To get 2,000 fans in a holiday mood on a warm Tuesday night in November, your Christmas game better be A-plus.
You'd better have a small forest of illuminated Christmas trees, a band decked out in Santa hats and suits of glittering emerald, at least one flurry of snow from the rafters and a jolly old fat man hurling candy canes from his sack.
You had better, in other words, be Brian Setzer.
There's a reason the Brian Setzer Orchestra's annual holiday tour, which hit Clearwater's Ruth Eckerd Hall on Tuesday, has packed houses coast to coast for the past 14 Novembers and Decembers. And it's all to do with Setzer's unshakable commitment to his shtick, to the plasticine Formica gleam of an era that maybe never was, but that makes you feel nostalgic nonetheless. Isn't that what Christmas is all about?
Setzer, 58, this year celebrated 25 years of his swing and jump blues big band, and he still spares no expense in its theatrical presentation. Trim in a pinstripe suit and gravity-defying pompadour, he fed his 18-piece Orchestra its visual and musical identity, flicking twangy tones from a series of glossy Gretsches, an inviting smile always on his face.
Setzer's tunes, and those of his heroes, fit in well along his holiday tracks, as evidenced by how seamlessly he swung from Glenn Miller's Pennsylvania 6-5000 to Rockin' Around the Christmas Tree to the Stray Cats' Stray Cat Strut, all within the first four songs. There was a hint of the sinister in The Dirty Boogie; a little lickety-split shredding in Jump, Jive an' Wail; a dreamy, doleful melancholy in a solo version of The Christmas Song (a.k.a. "Chestnuts Roasting on an Open Fire").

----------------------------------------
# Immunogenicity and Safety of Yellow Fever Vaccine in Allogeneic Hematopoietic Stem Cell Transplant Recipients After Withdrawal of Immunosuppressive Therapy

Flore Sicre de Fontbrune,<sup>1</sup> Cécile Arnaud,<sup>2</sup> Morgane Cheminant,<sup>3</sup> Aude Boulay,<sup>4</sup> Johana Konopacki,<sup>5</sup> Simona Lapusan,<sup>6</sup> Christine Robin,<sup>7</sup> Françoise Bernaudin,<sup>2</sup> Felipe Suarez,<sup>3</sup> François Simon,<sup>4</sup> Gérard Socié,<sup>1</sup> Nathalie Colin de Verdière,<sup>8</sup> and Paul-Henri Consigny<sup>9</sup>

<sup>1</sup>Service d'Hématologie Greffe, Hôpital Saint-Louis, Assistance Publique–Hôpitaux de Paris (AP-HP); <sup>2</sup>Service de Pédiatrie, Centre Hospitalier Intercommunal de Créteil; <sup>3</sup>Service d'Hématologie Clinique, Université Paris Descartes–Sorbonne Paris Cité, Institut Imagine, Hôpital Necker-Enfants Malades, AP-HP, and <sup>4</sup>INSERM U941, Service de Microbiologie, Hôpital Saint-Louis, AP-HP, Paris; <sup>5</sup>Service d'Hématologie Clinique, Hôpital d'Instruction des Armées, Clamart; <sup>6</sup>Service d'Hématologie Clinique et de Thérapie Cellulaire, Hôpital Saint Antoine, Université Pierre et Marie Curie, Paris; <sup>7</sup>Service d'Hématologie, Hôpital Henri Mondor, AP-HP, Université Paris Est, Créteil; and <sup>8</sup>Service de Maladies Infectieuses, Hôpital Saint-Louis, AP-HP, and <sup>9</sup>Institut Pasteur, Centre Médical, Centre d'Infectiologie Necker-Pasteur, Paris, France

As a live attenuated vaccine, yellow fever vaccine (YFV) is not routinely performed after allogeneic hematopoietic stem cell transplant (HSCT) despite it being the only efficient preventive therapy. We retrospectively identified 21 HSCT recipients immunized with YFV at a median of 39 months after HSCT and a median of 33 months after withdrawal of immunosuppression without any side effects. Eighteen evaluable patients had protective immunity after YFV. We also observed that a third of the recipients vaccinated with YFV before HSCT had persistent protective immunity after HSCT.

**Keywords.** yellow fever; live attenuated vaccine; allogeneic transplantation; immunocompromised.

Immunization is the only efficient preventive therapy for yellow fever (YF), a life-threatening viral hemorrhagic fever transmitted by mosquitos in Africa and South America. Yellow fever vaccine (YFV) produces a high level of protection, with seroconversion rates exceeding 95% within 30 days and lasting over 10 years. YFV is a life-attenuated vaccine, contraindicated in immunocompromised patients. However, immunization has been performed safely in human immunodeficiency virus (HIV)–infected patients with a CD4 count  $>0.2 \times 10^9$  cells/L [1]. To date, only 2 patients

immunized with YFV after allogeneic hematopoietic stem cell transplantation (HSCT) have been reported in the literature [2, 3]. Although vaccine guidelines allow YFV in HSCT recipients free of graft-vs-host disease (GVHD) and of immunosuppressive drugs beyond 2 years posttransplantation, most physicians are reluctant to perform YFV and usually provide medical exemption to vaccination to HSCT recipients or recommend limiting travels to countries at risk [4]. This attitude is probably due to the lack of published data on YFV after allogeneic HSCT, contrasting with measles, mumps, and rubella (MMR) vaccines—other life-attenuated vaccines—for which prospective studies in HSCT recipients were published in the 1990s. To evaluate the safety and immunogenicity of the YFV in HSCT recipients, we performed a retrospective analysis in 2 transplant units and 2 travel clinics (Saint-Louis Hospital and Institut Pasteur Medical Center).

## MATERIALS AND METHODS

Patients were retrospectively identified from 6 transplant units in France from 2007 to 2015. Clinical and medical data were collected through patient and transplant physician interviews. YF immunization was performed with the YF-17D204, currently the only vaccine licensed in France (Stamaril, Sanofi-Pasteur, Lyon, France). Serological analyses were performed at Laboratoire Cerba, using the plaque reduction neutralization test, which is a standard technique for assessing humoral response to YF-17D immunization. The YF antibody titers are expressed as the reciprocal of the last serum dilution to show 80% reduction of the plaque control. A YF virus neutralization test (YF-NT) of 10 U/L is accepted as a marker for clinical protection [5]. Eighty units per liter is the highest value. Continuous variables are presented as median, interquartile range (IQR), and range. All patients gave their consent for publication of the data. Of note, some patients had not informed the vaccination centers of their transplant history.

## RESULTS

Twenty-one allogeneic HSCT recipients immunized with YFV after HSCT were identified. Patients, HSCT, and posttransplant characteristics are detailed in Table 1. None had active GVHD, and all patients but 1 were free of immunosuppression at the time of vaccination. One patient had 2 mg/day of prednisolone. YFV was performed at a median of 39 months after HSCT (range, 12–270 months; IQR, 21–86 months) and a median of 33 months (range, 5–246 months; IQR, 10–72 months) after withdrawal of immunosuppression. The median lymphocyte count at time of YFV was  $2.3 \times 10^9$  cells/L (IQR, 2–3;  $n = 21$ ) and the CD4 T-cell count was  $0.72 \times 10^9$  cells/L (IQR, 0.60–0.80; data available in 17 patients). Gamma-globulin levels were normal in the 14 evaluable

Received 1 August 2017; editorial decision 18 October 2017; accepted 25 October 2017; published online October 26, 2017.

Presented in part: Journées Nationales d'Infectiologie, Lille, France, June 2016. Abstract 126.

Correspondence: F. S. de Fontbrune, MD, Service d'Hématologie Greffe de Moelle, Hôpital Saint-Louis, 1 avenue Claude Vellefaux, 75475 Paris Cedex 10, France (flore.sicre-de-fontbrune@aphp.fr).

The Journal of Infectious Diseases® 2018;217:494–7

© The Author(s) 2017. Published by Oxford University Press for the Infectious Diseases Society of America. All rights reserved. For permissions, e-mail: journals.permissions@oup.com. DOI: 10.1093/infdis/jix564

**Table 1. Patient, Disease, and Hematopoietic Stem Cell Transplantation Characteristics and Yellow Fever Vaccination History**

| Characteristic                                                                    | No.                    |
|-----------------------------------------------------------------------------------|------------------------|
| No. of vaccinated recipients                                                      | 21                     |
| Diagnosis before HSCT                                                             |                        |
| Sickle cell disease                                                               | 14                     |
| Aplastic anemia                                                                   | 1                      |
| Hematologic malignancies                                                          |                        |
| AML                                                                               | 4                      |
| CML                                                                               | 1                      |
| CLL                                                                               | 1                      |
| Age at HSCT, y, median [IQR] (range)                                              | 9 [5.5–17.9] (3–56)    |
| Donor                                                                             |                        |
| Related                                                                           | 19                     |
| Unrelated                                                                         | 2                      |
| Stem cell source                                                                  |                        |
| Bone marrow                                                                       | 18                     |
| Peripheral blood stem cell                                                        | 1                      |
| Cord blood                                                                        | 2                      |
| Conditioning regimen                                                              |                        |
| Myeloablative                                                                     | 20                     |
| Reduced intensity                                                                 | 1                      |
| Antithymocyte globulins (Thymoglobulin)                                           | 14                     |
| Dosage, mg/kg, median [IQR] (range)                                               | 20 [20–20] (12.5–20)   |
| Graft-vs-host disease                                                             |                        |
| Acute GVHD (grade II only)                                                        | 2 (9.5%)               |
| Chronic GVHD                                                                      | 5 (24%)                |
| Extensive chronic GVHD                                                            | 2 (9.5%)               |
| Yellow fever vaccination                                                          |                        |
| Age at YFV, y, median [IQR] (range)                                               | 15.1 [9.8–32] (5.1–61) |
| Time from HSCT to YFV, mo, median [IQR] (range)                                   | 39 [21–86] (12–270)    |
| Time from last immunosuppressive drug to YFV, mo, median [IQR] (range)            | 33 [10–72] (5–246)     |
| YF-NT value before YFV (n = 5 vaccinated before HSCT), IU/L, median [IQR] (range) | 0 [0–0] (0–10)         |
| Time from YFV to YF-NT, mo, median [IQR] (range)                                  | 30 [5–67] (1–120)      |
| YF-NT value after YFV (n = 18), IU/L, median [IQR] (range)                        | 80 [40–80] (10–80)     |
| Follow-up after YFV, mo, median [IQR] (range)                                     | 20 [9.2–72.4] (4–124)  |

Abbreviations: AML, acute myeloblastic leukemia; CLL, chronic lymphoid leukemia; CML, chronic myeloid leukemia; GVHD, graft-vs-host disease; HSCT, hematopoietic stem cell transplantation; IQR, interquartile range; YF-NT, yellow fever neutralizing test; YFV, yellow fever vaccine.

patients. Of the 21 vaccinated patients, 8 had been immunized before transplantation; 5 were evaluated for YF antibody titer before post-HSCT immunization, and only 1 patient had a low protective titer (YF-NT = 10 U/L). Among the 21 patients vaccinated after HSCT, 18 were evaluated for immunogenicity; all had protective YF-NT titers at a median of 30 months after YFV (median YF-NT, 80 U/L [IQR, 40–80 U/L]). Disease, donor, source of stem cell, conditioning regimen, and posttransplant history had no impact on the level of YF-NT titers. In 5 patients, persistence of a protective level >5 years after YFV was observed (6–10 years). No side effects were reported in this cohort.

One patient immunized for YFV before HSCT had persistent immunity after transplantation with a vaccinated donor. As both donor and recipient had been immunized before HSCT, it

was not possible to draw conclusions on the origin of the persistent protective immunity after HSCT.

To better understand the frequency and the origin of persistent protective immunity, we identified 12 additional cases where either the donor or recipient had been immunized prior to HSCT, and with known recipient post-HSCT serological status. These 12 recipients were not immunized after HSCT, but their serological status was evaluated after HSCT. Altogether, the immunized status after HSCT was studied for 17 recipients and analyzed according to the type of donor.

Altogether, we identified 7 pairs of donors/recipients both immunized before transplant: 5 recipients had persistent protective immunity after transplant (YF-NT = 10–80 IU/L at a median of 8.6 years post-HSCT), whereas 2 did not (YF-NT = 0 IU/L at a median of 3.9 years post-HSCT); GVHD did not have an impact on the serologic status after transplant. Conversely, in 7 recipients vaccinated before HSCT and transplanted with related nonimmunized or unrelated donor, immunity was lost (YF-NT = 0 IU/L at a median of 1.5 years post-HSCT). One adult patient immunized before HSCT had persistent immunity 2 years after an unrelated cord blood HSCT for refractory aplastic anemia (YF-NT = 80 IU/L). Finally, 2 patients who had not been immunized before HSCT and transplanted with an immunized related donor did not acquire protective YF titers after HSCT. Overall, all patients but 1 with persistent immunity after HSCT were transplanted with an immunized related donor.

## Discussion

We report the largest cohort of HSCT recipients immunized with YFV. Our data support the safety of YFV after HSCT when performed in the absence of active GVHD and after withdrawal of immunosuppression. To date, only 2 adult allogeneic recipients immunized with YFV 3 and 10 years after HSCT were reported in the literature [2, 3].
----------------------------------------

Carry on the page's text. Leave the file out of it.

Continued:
Midway through, Setzer decided to honor the late Glen Campbell and Tom Petty with faithful and effective covers of Wichita Lineman (chilling, those horns!) and Runnin' Down a Dream, whose sprint-to-the-finish solos brought the crowd to its feet.
Setzer was generous with the spotlight, spreading hot sax, trombone and clarinet solos around throughout the night. And his reimagining of traditional and classical numbers was delightful, from a chug-a-lugging cowpunk twist on Angels We Have Heard On High to a charming and whimsical rendition of The Nutcracker Suite.
But his core group of rockers impressed the most. Midway through, Setzer splintered off for a mini set of rockabilly and boogie-woogie with acrobatic bassist Johnny Hatton, drummer Noah Levy and pianist Kevin McKendree. Hatton wasn't the only one playing standing up – neither Levy nor McKendree had a place to sit, and it didn't bother them in the least. Setzer split, duck-walked and dropped to his knees on Rockabilly Boogie and I Got a Rocket In My Pocket, and climbed atop Levy's drums and Hatton's bass on Fishnet Stockings.
It was tough not to smile at Setzer's total investment in his antics. Indeed, you could flick your eyes to any member of his Orchestra at any given moment in the show, and odds are you'd see them doing exactly that. Here were a dozen and a half gleeful ex-band geeks, swaying and snapping their fingers in unison, grinning like they were living their dream lives. They honestly probably are.
That's why when fans left Ruth Eckerd Hall, fake snowflakes on their shoulders and a newfound swing in their steps, it felt like, yes, the Brian Setzer Orchestra is actually the perfect band to usher in the holiday season. He believes in the spirit he's selling, and so does everyone else. And nothing says Christmas like belief.
— Jay Cridlin